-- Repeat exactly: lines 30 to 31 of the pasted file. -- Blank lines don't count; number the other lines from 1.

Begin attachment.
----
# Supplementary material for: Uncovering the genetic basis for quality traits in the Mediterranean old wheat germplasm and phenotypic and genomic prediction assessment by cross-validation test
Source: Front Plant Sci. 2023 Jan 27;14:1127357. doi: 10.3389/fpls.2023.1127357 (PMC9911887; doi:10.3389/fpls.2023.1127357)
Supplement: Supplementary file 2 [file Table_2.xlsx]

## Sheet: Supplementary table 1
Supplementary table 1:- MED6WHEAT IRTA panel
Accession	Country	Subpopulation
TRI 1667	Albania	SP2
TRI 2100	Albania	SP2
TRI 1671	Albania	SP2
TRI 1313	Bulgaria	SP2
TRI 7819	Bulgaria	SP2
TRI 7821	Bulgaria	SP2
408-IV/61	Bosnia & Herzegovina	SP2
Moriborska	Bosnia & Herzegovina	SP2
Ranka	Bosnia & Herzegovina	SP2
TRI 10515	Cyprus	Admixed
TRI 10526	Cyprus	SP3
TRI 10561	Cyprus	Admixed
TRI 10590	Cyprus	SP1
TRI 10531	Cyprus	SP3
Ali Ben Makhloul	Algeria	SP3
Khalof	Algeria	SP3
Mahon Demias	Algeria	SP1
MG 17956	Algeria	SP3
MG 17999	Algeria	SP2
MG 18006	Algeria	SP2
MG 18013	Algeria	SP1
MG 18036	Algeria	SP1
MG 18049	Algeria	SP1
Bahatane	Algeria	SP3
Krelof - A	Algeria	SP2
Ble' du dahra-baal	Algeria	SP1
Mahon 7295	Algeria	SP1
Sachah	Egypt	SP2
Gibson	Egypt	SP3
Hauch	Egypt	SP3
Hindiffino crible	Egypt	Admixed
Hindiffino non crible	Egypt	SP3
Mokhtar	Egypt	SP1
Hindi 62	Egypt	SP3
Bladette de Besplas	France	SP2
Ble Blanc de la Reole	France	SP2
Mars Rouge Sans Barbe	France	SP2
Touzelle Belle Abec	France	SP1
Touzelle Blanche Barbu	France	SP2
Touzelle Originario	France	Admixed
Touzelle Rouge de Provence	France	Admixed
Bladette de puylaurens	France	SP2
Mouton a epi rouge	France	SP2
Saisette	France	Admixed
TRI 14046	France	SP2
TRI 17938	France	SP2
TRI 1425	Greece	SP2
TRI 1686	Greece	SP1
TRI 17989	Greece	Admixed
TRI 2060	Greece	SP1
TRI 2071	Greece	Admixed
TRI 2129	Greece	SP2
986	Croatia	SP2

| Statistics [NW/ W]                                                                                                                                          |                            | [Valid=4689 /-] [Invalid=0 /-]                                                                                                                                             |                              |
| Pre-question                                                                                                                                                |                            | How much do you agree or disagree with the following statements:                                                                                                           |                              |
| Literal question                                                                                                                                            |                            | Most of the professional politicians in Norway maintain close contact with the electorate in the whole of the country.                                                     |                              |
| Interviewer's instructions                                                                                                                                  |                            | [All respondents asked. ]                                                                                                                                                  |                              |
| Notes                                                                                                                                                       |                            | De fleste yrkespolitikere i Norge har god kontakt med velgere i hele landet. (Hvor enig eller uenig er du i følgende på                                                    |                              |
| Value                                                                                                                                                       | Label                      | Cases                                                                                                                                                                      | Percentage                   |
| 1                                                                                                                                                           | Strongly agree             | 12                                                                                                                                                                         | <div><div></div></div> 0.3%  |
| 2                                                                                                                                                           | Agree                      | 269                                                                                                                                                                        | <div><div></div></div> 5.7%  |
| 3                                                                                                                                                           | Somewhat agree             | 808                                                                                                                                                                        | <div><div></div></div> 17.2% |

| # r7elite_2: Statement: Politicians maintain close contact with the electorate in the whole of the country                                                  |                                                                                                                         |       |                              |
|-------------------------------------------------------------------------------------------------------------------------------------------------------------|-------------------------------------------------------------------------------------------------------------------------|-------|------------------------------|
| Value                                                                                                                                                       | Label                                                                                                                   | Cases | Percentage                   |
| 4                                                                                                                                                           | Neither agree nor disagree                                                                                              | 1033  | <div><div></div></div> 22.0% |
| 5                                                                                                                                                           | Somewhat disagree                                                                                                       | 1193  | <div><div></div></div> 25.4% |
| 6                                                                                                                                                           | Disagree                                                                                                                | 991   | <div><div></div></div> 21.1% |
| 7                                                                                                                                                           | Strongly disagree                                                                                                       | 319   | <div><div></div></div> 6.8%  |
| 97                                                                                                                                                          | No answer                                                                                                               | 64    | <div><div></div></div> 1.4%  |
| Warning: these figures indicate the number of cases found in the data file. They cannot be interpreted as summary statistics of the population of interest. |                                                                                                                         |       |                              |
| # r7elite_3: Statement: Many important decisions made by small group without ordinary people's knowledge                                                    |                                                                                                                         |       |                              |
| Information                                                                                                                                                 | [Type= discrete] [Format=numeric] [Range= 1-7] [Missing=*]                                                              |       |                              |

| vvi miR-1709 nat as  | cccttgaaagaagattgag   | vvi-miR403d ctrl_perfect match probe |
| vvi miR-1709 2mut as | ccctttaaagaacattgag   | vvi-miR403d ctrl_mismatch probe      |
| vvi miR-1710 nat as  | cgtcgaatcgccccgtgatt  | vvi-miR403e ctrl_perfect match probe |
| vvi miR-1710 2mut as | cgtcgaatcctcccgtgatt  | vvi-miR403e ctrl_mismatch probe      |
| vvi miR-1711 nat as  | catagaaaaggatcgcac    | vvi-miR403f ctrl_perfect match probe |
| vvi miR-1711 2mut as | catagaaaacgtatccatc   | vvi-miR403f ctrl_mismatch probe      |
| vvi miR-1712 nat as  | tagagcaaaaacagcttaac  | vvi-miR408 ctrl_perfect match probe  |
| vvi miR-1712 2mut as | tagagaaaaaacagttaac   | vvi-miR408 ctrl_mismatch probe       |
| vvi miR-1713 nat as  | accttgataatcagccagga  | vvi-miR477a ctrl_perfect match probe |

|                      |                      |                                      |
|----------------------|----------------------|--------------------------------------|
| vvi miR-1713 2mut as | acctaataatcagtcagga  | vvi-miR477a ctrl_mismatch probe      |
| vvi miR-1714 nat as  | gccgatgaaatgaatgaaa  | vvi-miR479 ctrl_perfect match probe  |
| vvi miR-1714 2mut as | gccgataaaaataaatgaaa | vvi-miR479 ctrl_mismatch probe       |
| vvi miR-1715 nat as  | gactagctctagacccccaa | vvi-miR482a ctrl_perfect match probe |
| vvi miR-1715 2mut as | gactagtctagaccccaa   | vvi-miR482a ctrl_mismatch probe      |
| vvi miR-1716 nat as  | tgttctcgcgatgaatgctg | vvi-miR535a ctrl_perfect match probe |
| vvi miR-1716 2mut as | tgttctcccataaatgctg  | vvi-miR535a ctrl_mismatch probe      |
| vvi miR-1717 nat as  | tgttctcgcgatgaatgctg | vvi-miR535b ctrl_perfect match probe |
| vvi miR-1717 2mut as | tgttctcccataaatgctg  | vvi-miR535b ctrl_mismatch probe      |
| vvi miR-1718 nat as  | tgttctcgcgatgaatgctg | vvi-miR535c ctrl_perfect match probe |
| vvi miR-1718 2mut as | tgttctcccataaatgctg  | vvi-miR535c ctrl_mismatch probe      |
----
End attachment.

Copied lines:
Bahatane	Algeria	SP3
Krelof - A	Algeria	SP2